The portion of the RESPA statute of most concern to the real estate industry is found in Section 8, which prohibits kickbacks, referral fees, and fee-splitting among settlement service providers for services that were not actually rendered, or that were rendered at lower than fair market value.
Each section of the statute has its own penalties for violations. RESPA violations can result in federal district court actions or administrative adjudication proceedings. The statute also provides for a private right of action for consumers, who may bring civil and class action lawsuits.
From the time RESPA was enacted in 1974 until 2011, the U.S. Department of Housing and Urban Development (HUD) administered and enforced the act. In July 2011, those duties transferred to the Consumer Financial Protection Bureau (CFPB), a federal agency created in 2010 by the passage of the Dodd–Frank Wall Street Reform and Consumer Protection Act. Both regulators and the federal courts have faced industry criticism for failing to provide sufficient compliance guidance or for uneven or conflicting interpretations of the statute.
Most states also have laws similar to RESPA on their books, some of which are stricter than the federal statute. These states have the authority to enforce and prosecute their own RESPA laws, in addition to federal actions.
The Truth in Lending Act is a 1968 federal law designed to promote better understanding of consumer credit by requiring disclosures about credit terms and costs. The law requires lenders to disclose credit terms in an easily understood manner so consumers can comparison-shop for interest rates and loan conditions. Notably, the law introduced the annual percentage rate (APR) calculation mandated for all consumer lenders.
Under TILA, lenders must provide a disclosure statement that includes information about the amount of the loan, the APR, finance charges, a payment schedule, and the total repayment amount due over the lifetime of a loan.
From 1968 to 2011, the Federal Reserve Board had the authority to implement TILA. After 2011, that responsibility was transferred to the Consumer Financial Protection Bureau (CFPB).
The law is codified at 15 U.S.C. Ch. 41 §1601. Its implementing regulations are known as “Regulation Z.”
Yes. Title insurance is largely a function of state real property law, which varies across the country. While there are some industry stakeholders that dictate national standards (i.e., Fannie Mae, the Consumer Financial Protection Bureau, the American Land Title Association, etc.), those standards often allow for regional differences. For example, state laws may dictate how fees are split between parties, how much a title insurance policy costs, or how much of a title premium a title insurance underwriter may give to the issuing title agent.
An attorney state is one that requires an attorney to be present at a real estate closing or refinance. In these states, a non-attorney who conducts a closing or performs certain closing functions is considered to be engaging in the unauthorized practice of law (UPL).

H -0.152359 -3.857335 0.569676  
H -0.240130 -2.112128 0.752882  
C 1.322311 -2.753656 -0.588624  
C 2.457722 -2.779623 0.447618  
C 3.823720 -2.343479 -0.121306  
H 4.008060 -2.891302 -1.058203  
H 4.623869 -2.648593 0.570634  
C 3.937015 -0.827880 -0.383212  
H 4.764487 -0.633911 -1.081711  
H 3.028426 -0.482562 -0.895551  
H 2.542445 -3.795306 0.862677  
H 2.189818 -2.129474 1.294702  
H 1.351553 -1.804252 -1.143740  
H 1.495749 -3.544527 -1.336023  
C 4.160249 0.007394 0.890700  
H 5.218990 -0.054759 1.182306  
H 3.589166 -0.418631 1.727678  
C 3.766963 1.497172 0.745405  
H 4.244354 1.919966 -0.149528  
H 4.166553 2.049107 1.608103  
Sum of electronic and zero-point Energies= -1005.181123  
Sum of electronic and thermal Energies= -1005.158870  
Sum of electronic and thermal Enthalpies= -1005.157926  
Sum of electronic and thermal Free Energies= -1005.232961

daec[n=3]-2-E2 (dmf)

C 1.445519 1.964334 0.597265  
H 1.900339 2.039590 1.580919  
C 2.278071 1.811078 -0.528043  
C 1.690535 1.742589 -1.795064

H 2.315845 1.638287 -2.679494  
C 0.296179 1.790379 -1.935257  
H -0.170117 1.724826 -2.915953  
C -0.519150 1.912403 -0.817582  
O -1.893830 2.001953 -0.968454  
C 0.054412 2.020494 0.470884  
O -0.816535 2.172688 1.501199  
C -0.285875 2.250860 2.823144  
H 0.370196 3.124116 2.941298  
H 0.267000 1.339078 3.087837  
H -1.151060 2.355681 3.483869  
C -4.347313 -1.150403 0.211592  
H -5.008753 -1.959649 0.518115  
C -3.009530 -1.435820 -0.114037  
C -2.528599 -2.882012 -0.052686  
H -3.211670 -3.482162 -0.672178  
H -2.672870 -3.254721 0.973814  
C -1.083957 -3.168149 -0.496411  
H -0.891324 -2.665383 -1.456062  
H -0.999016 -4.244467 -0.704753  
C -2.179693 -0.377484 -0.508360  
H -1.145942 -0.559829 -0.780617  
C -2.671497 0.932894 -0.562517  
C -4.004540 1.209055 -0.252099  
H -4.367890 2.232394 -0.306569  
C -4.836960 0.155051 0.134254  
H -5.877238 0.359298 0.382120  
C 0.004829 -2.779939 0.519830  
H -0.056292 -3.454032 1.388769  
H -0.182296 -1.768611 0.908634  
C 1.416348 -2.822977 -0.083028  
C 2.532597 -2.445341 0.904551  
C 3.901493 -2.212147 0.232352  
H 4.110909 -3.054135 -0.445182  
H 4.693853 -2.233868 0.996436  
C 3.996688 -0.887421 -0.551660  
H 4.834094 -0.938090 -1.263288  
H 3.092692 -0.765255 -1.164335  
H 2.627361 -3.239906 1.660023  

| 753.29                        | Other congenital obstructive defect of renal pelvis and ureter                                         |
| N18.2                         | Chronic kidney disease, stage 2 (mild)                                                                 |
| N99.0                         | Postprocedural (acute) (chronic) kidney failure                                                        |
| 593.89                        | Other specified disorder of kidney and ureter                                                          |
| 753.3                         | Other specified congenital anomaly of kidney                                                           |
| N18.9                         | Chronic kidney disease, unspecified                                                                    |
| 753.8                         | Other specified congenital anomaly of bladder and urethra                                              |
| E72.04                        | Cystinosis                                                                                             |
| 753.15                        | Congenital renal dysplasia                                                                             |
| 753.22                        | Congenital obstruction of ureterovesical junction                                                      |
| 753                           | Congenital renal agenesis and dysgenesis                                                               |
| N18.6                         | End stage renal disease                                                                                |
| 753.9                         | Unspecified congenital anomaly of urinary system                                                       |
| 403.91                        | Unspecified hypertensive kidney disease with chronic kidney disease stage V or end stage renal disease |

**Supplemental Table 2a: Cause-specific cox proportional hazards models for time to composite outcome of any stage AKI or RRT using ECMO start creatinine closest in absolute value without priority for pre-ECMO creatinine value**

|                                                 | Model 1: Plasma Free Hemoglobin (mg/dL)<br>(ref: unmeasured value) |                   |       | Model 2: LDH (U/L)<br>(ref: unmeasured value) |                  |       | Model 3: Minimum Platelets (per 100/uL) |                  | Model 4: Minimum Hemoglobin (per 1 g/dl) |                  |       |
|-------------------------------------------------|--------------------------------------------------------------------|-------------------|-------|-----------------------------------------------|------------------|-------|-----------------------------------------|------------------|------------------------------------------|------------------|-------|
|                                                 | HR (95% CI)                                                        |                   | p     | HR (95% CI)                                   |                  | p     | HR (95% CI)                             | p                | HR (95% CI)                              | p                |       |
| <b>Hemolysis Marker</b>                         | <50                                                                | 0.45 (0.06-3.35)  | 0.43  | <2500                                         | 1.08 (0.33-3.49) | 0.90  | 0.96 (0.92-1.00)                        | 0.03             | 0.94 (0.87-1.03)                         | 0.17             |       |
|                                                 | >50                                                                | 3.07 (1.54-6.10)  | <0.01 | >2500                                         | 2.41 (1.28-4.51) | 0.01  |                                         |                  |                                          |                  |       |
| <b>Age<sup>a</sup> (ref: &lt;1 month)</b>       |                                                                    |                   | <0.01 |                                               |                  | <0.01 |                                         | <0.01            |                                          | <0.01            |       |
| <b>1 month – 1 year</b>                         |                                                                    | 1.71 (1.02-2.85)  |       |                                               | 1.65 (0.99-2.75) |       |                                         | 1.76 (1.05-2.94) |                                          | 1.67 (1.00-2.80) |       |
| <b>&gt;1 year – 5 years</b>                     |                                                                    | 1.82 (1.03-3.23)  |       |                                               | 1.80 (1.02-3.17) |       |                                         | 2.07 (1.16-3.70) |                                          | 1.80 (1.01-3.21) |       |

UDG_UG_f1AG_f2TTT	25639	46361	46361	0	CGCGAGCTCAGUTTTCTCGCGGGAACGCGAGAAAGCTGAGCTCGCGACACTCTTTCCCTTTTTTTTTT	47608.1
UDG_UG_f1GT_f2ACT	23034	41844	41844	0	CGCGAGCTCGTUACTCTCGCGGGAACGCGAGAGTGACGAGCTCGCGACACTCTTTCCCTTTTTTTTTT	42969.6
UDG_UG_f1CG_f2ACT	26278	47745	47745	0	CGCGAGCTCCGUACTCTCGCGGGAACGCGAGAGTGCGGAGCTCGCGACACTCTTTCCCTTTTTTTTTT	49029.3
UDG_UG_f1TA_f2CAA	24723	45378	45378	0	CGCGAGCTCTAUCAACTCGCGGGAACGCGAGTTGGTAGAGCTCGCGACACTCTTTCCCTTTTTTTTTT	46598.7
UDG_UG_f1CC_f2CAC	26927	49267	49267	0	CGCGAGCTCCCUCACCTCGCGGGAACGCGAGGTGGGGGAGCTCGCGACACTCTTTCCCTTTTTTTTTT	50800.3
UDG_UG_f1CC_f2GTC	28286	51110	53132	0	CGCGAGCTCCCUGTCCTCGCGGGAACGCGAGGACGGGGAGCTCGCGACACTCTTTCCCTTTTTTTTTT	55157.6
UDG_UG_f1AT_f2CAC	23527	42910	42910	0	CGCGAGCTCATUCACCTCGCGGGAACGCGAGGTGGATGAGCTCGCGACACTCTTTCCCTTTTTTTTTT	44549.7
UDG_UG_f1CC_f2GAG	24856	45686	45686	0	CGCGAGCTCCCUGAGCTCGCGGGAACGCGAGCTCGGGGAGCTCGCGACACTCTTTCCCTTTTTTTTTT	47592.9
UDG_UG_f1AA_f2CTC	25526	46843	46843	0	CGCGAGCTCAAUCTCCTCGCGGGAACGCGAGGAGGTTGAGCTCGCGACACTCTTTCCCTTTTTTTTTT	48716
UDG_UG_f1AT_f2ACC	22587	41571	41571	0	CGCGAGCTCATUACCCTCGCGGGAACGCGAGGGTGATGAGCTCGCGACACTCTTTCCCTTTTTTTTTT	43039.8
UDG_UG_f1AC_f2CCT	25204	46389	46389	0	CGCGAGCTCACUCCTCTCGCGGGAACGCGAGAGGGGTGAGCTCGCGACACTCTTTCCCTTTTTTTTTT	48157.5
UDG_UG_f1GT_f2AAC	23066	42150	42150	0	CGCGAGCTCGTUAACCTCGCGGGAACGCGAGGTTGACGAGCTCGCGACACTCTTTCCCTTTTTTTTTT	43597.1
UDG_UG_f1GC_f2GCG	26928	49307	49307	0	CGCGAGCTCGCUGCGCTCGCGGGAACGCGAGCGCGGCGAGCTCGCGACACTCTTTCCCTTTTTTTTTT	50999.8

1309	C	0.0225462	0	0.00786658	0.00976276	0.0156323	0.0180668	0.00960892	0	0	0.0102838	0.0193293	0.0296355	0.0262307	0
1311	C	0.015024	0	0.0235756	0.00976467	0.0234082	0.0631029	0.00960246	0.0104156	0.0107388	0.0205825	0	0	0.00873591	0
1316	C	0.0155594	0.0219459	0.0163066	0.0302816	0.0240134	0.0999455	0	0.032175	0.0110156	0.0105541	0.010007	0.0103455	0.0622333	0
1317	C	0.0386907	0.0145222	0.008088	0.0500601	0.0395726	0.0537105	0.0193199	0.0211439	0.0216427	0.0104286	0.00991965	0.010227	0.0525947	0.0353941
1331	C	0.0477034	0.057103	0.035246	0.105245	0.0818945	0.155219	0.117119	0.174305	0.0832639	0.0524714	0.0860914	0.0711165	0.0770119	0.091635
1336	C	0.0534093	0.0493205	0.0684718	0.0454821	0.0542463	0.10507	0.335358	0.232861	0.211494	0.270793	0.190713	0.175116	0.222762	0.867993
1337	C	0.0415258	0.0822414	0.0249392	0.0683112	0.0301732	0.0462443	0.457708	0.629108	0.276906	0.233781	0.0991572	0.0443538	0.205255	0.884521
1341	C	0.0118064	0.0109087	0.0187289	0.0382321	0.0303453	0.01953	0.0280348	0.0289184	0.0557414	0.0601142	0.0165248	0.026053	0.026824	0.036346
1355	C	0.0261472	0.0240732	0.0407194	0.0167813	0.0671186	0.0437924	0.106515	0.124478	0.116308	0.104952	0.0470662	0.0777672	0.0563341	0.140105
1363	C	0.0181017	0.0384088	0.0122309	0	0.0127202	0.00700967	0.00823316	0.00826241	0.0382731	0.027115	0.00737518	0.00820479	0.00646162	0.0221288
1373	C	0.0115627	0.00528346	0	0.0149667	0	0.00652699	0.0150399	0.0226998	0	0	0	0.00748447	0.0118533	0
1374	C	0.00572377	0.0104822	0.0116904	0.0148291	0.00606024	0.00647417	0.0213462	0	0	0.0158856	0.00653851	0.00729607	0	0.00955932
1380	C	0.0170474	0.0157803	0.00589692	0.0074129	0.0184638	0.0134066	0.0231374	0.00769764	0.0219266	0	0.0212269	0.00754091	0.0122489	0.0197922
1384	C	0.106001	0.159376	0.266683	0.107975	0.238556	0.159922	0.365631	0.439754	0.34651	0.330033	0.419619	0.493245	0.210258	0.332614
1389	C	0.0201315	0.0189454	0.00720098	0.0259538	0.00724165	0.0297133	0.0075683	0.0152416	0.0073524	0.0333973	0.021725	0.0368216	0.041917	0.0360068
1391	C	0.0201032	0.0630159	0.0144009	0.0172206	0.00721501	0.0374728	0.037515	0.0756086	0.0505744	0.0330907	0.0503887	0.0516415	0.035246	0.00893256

The UPL concept – which is a bit controversial in the title insurance industry and has been the subject of many legal challenges – originates in the early days of American settlement, when purchasing property was considered risky and complex, requiring an attorney to determine the legal validity of liens and other transactional details.
States that mandate the physical presence of an attorney, or restrict other types of closing duties to attorneys, include: Alabama, Connecticut, Delaware, District of Columbia, Florida, Georgia, Kansas, Kentucky, Maine, Maryland, Massachusetts, Mississippi, New Hampshire, New Jersey, New York, North Dakota, Pennsylvania, Rhode Island, South Carolina, Vermont, Virginia, and West Virginia.
These states differ in how they define UPL. While some states simply require the physical presence of an attorney at closings, others prohibit laypersons from drafting legal documents for a closing or rendering legal advice in matters arising during the closing.
As defined by the Gramm-Leach-Bliley Act Privacy Rule, any personally identifiable financial information that a financial institution collects about an individual in connection with providing a financial product or service, unless that information is otherwise publicly available. NPI includes: Any information an individual provides to get a financial product or service (e.g., name, address, income, Social Security Number, or other information on an application); any information a financial institution collects about an individual from a transaction involving financial product(s) or service(s) (e.g., the fact that an individual is a consumer or customer, account numbers, payment history, loan or deposit balances, and credit or debit card purchases); or any information obtained about an individual in connection with providing a financial product or service (e.g., information from court records or from a consumer report). The Privacy Rule restricts a business’ use and disclosure of NPI, and requires them to give consumers written notice describing their privacy policies and practices.